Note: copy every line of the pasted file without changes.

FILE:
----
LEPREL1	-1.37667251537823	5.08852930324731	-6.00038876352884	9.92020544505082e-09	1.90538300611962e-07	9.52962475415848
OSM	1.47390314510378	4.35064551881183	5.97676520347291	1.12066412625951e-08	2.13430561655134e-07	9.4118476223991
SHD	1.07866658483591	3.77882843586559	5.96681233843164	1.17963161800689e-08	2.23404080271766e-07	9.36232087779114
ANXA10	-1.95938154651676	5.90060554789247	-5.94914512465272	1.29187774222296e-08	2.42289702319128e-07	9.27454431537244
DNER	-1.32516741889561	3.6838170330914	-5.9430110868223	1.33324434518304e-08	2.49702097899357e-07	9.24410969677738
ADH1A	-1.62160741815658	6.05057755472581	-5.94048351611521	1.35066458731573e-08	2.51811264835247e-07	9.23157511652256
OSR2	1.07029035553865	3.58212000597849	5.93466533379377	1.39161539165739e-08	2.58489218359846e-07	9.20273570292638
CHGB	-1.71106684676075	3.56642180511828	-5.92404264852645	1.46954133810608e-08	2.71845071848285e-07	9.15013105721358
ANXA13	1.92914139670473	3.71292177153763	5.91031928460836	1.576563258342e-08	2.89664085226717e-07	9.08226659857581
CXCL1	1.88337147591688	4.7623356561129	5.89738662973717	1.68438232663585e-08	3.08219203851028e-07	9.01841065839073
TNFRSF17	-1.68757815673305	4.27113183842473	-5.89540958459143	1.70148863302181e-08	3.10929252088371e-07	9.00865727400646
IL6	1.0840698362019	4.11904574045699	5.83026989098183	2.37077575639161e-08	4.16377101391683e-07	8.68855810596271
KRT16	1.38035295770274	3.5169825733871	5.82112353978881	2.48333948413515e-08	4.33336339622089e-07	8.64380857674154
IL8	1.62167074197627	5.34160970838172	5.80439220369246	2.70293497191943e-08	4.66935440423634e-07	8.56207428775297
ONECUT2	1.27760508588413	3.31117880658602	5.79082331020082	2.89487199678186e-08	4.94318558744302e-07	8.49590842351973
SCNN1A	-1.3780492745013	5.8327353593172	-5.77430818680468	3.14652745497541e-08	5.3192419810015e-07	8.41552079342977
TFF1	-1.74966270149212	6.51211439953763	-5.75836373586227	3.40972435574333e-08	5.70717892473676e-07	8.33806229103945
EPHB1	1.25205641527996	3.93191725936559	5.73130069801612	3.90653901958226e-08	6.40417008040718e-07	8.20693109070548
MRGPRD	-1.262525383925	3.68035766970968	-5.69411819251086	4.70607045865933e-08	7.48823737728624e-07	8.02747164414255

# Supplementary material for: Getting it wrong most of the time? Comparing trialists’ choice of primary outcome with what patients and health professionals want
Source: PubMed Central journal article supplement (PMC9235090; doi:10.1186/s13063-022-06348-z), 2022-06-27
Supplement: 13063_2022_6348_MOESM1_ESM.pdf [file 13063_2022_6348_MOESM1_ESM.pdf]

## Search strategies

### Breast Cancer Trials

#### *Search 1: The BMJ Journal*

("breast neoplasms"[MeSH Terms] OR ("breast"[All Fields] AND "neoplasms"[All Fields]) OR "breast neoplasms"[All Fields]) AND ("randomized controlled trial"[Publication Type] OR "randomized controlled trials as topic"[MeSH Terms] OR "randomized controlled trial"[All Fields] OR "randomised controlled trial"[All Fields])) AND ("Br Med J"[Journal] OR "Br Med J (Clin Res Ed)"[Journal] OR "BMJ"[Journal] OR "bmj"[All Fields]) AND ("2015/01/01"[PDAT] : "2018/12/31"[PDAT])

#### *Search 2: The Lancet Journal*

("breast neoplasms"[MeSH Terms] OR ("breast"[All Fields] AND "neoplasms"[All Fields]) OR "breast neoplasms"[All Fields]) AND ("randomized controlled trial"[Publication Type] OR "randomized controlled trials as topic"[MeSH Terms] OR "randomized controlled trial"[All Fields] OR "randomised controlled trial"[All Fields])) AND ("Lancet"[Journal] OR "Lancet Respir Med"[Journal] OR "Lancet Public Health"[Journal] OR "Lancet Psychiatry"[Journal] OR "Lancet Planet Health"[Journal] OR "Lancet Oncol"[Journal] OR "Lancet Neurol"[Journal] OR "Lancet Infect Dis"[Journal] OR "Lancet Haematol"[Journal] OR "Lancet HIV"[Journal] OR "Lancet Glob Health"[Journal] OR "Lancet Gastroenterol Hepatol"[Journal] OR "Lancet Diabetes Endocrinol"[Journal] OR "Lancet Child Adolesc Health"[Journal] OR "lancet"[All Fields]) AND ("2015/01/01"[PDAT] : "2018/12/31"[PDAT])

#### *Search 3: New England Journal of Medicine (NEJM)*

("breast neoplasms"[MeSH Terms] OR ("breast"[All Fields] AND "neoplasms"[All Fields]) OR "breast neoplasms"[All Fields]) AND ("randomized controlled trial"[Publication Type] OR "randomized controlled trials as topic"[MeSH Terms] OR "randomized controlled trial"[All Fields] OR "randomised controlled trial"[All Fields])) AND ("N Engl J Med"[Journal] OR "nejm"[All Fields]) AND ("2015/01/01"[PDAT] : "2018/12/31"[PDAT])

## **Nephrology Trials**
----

LEPREL1	-1.37667251537823	5.08852930324731	-6.00038876352884	9.92020544505082e-09	1.90538300611962e-07	9.52962475415848
OSM	1.47390314510378	4.35064551881183	5.97676520347291	1.12066412625951e-08	2.13430561655134e-07	9.4118476223991
SHD	1.07866658483591	3.77882843586559	5.96681233843164	1.17963161800689e-08	2.23404080271766e-07	9.36232087779114
ANXA10	-1.95938154651676	5.90060554789247	-5.94914512465272	1.29187774222296e-08	2.42289702319128e-07	9.27454431537244
DNER	-1.32516741889561	3.6838170330914	-5.9430110868223	1.33324434518304e-08	2.49702097899357e-07	9.24410969677738
ADH1A	-1.62160741815658	6.05057755472581	-5.94048351611521	1.35066458731573e-08	2.51811264835247e-07	9.23157511652256
OSR2	1.07029035553865	3.58212000597849	5.93466533379377	1.39161539165739e-08	2.58489218359846e-07	9.20273570292638
CHGB	-1.71106684676075	3.56642180511828	-5.92404264852645	1.46954133810608e-08	2.71845071848285e-07	9.15013105721358
ANXA13	1.92914139670473	3.71292177153763	5.91031928460836	1.576563258342e-08	2.89664085226717e-07	9.08226659857581
CXCL1	1.88337147591688	4.7623356561129	5.89738662973717	1.68438232663585e-08	3.08219203851028e-07	9.01841065839073
TNFRSF17	-1.68757815673305	4.27113183842473	-5.89540958459143	1.70148863302181e-08	3.10929252088371e-07	9.00865727400646
IL6	1.0840698362019	4.11904574045699	5.83026989098183	2.37077575639161e-08	4.16377101391683e-07	8.68855810596271
KRT16	1.38035295770274	3.5169825733871	5.82112353978881	2.48333948413515e-08	4.33336339622089e-07	8.64380857674154
IL8	1.62167074197627	5.34160970838172	5.80439220369246	2.70293497191943e-08	4.66935440423634e-07	8.56207428775297
ONECUT2	1.27760508588413	3.31117880658602	5.79082331020082	2.89487199678186e-08	4.94318558744302e-07	8.49590842351973
SCNN1A	-1.3780492745013	5.8327353593172	-5.77430818680468	3.14652745497541e-08	5.3192419810015e-07	8.41552079342977
TFF1	-1.74966270149212	6.51211439953763	-5.75836373586227	3.40972435574333e-08	5.70717892473676e-07	8.33806229103945
EPHB1	1.25205641527996	3.93191725936559	5.73130069801612	3.90653901958226e-08	6.40417008040718e-07	8.20693109070548
MRGPRD	-1.262525383925	3.68035766970968	-5.69411819251086	4.70607045865933e-08	7.48823737728624e-07	8.02747164414255

# Supplementary material for: Getting it wrong most of the time? Comparing trialists’ choice of primary outcome with what patients and health professionals want
Source: PubMed Central journal article supplement (PMC9235090; doi:10.1186/s13063-022-06348-z), 2022-06-27
Supplement: 13063_2022_6348_MOESM1_ESM.pdf [file 13063_2022_6348_MOESM1_ESM.pdf]

## Search strategies

### Breast Cancer Trials

#### *Search 1: The BMJ Journal*

("breast neoplasms"[MeSH Terms] OR ("breast"[All Fields] AND "neoplasms"[All Fields]) OR "breast neoplasms"[All Fields]) AND ("randomized controlled trial"[Publication Type] OR "randomized controlled trials as topic"[MeSH Terms] OR "randomized controlled trial"[All Fields] OR "randomised controlled trial"[All Fields])) AND ("Br Med J"[Journal] OR "Br Med J (Clin Res Ed)"[Journal] OR "BMJ"[Journal] OR "bmj"[All Fields]) AND ("2015/01/01"[PDAT] : "2018/12/31"[PDAT])

#### *Search 2: The Lancet Journal*

("breast neoplasms"[MeSH Terms] OR ("breast"[All Fields] AND "neoplasms"[All Fields]) OR "breast neoplasms"[All Fields]) AND ("randomized controlled trial"[Publication Type] OR "randomized controlled trials as topic"[MeSH Terms] OR "randomized controlled trial"[All Fields] OR "randomised controlled trial"[All Fields])) AND ("Lancet"[Journal] OR "Lancet Respir Med"[Journal] OR "Lancet Public Health"[Journal] OR "Lancet Psychiatry"[Journal] OR "Lancet Planet Health"[Journal] OR "Lancet Oncol"[Journal] OR "Lancet Neurol"[Journal] OR "Lancet Infect Dis"[Journal] OR "Lancet Haematol"[Journal] OR "Lancet HIV"[Journal] OR "Lancet Glob Health"[Journal] OR "Lancet Gastroenterol Hepatol"[Journal] OR "Lancet Diabetes Endocrinol"[Journal] OR "Lancet Child Adolesc Health"[Journal] OR "lancet"[All Fields]) AND ("2015/01/01"[PDAT] : "2018/12/31"[PDAT])

#### *Search 3: New England Journal of Medicine (NEJM)*

("breast neoplasms"[MeSH Terms] OR ("breast"[All Fields] AND "neoplasms"[All Fields]) OR "breast neoplasms"[All Fields]) AND ("randomized controlled trial"[Publication Type] OR "randomized controlled trials as topic"[MeSH Terms] OR "randomized controlled trial"[All Fields] OR "randomised controlled trial"[All Fields])) AND ("N Engl J Med"[Journal] OR "nejm"[All Fields]) AND ("2015/01/01"[PDAT] : "2018/12/31"[PDAT])

## **Nephrology Trials**